Seed World

Small In Size but Giant in Impact: Microbiologicals Depend On Ag’s Smaller Players

Chief Technology & Innovation Officer,
Activate Ag Labs

Shortly after graduating from the UEA with a degree in physics joined the R&D department at Germains Technology Group, who specialize in seed enhancement technologies. He spent two years investigating other industrial uses for seed treating equipment before moving across into seed coating polymers and application of biologicals to seed. During the nine years as a Research Scientist, he began a Master’s in Science through part-time study via the Open University, which was completed after having moved to the new position of Research Scientist at the Institute of Food Research, working on the DEFRA Link BBSRC project, Multiple Emulsions in Food. Simon has spent at least two decades formulating seed coating polymers which are effective in their attributes whilst maintaining products which have an environmental conscious content.

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The shift over the last few generations towards large-scale agriculture has brought immense benefits and is key to the challenge of feeding a growing population worldwide. As expected, there have been some drawbacks too: we are seeing cumulative degenerative effects on soil health, and amid the push for ever higher yields, occasionally some loss of food flavours and nutrition. While we cannot reverse the yield increases, nor would we want to, we can address some of sizing up’s spin-off impacts by increasing our focus on the micro-end of the spectrum, both in physical size and commercial activity.

Microbiologicals include a diverse group of bacteria and fungi that can have a significant beneficial impact on crop health and production. Humans have been intentionally applying microbiologicals for generations. The most familiar example of course is Rhizobia, which was identified for its nitrogen fixing properties way back in the late 1800s. These organisms have broad applications, from biofertilizers to biopesticides and more. Some, like Bacillus subtilis, cross the boundaries between categories, offering benefit in multiple applications. We expect that some groupings will offer even greater benefits when suitably combined.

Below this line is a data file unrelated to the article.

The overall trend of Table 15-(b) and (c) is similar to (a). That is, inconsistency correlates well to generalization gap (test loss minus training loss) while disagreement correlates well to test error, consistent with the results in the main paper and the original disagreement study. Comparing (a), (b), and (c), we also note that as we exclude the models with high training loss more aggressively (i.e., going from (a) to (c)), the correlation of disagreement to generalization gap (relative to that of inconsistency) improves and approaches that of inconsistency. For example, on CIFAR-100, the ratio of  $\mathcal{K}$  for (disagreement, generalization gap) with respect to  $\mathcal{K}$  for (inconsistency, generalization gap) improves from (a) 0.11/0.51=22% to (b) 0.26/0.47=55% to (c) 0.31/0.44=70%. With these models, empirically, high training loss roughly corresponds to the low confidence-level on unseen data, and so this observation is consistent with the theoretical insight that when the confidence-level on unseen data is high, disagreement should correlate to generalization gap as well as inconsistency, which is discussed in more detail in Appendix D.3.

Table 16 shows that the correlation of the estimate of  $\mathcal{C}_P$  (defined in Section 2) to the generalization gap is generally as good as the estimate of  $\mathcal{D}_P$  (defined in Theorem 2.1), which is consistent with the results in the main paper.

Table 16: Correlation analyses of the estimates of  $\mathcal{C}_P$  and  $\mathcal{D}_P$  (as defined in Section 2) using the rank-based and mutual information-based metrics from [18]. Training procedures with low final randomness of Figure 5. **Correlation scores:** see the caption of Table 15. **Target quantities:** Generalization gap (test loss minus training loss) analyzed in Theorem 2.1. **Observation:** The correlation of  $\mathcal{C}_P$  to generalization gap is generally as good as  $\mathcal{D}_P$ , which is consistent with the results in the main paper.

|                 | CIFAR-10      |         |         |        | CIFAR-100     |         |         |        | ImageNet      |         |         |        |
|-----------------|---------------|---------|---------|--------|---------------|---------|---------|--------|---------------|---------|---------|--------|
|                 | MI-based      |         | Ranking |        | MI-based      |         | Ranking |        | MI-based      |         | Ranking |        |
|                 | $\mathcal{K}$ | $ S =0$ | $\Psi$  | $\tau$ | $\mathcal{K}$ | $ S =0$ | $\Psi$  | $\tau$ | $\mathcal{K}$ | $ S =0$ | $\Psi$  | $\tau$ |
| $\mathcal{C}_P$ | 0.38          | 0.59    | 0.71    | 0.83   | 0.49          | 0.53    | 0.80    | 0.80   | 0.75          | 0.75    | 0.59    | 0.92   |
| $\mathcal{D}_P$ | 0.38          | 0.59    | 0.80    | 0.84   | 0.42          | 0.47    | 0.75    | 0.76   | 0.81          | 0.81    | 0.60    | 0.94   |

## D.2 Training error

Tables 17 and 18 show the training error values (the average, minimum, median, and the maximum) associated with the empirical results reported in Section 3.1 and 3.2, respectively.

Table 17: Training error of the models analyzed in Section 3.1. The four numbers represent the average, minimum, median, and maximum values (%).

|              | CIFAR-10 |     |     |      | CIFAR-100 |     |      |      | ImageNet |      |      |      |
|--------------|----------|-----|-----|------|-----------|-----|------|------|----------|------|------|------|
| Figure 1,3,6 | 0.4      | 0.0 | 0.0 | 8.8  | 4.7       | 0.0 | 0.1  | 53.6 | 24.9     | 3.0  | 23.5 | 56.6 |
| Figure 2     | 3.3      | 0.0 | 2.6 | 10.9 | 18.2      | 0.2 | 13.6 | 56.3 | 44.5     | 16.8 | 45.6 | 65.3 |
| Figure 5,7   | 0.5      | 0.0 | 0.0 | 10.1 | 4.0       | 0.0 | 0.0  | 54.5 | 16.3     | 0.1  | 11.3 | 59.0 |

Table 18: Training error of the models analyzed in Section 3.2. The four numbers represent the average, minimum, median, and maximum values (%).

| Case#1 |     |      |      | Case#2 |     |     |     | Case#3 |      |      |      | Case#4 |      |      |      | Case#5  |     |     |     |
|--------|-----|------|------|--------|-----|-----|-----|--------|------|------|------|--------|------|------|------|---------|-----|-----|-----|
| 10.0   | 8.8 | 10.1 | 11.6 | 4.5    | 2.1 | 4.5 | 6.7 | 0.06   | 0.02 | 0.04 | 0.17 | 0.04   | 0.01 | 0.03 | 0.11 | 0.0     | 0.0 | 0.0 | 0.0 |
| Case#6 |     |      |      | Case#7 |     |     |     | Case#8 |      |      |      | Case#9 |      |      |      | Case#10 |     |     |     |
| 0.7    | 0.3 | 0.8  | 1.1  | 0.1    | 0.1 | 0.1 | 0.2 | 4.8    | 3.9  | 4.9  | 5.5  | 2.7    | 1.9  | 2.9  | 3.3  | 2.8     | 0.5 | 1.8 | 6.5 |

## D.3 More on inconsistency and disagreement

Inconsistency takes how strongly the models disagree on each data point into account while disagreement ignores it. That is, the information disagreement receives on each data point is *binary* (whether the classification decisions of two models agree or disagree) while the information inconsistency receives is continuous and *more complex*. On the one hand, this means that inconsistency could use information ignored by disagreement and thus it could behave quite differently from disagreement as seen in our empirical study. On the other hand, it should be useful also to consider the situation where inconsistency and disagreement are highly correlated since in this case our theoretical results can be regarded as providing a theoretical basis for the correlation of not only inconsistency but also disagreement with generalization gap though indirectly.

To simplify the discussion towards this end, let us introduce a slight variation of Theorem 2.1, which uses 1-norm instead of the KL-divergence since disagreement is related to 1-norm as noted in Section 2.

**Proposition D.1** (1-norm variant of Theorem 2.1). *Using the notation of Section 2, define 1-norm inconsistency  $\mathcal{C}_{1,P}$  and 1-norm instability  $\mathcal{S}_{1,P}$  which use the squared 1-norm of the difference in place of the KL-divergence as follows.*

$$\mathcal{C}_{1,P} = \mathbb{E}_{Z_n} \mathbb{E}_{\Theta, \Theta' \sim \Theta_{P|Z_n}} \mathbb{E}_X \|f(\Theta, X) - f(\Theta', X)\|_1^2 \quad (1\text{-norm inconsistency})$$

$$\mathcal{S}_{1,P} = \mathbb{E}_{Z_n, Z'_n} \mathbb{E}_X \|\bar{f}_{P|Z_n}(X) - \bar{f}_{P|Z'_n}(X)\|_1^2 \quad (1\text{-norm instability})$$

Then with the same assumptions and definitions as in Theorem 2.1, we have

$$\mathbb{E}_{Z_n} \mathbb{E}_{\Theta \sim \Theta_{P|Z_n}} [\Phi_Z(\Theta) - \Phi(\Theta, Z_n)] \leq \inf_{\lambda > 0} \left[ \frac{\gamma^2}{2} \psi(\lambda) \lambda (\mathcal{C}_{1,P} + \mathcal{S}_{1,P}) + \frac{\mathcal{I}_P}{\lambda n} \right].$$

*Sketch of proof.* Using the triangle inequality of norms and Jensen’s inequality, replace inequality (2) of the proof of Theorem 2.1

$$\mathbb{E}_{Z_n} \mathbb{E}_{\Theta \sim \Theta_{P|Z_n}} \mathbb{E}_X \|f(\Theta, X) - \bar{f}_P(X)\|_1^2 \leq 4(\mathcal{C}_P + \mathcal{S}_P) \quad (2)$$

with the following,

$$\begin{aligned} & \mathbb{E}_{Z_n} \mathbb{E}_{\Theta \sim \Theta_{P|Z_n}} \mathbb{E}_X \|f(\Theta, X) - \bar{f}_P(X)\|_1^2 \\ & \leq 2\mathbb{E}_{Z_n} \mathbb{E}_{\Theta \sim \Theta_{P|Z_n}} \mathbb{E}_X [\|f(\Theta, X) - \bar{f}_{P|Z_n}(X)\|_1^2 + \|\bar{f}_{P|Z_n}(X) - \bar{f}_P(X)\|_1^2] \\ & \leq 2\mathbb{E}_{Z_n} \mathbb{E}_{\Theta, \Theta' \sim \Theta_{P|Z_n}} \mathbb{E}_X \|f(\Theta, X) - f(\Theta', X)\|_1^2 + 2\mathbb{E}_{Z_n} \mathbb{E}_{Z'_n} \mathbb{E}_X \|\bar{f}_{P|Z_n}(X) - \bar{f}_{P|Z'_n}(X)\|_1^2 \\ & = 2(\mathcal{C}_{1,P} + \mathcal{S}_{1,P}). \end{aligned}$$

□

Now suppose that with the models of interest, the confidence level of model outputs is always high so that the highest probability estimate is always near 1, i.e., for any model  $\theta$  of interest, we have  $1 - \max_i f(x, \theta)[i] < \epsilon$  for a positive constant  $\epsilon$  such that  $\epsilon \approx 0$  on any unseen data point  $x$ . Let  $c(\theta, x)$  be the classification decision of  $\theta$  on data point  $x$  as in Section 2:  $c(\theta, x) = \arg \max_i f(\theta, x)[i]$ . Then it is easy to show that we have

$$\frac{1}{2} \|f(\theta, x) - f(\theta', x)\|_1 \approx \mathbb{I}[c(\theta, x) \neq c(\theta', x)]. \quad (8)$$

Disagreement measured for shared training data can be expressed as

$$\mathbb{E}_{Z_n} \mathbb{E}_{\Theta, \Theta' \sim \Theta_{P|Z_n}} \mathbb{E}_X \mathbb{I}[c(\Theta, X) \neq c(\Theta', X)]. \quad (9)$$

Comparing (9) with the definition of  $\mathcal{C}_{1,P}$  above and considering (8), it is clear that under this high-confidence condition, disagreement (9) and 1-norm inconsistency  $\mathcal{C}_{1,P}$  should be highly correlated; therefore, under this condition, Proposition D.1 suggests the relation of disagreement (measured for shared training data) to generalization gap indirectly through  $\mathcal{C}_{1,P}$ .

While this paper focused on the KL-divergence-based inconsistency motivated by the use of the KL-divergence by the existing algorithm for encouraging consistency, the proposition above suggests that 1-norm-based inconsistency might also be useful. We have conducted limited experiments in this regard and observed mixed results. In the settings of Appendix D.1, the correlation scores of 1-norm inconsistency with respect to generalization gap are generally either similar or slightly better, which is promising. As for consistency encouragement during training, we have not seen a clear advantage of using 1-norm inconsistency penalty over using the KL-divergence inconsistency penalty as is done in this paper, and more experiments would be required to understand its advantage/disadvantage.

Unlike other biostimulants that have a short-term impact on plants, microbiologicals, as living organisms, have a longer-term effect, working over the entire lifecycle of the plant and also working at the soil health level. This distinction sets microbiologicals apart and highlights their huge potential for sustainable agricultural practices.

The pursuit of microbiologicals is not a priority for large multinational players in the agriculture industry. These companies heavily rely on complex and scalable supply chains to meet their production demands. Because microbiologicals, being living entities, pose challenges in terms of storage and transportation, they are less suitable for large volume supply chains. This opens an opportunity for smaller companies like us to embrace their unique position in the marketplace. In fact, smaller-scale companies have a critical role to play in bringing microbiologicals to agriculture, as they bring fresh perspectives, agile decision-making, and efficient operations to the development and production of microbiologicals. These traits allow us, and others like us, to tap into the untapped opportunities, foster innovation and thus unlock the immense potential of microbiologicals that will help to drive global agriculture towards a more sustainable future.

Introducing microbiologicals comes with its own challenges. Soil hosts a complex and interconnected community of organisms and any change can have ripple effects throughout the microbiome. Ensuring consistent quality and viable products is key for efficacy. Consequently, microbiologicals face rigorous regulatory scrutiny, making it difficult to achieve approval for their use in crop production.

Bringing microbiologicals to market is undoubtedly a challenging endeavor. It requires cutting-edge scientific capabilities, adept regulatory navigation, and above all, unwavering dedication to innovation. The investment and effort involved though are worthwhile: these tiny organisms offer unique and long-term benefits to soil health, crop health and production.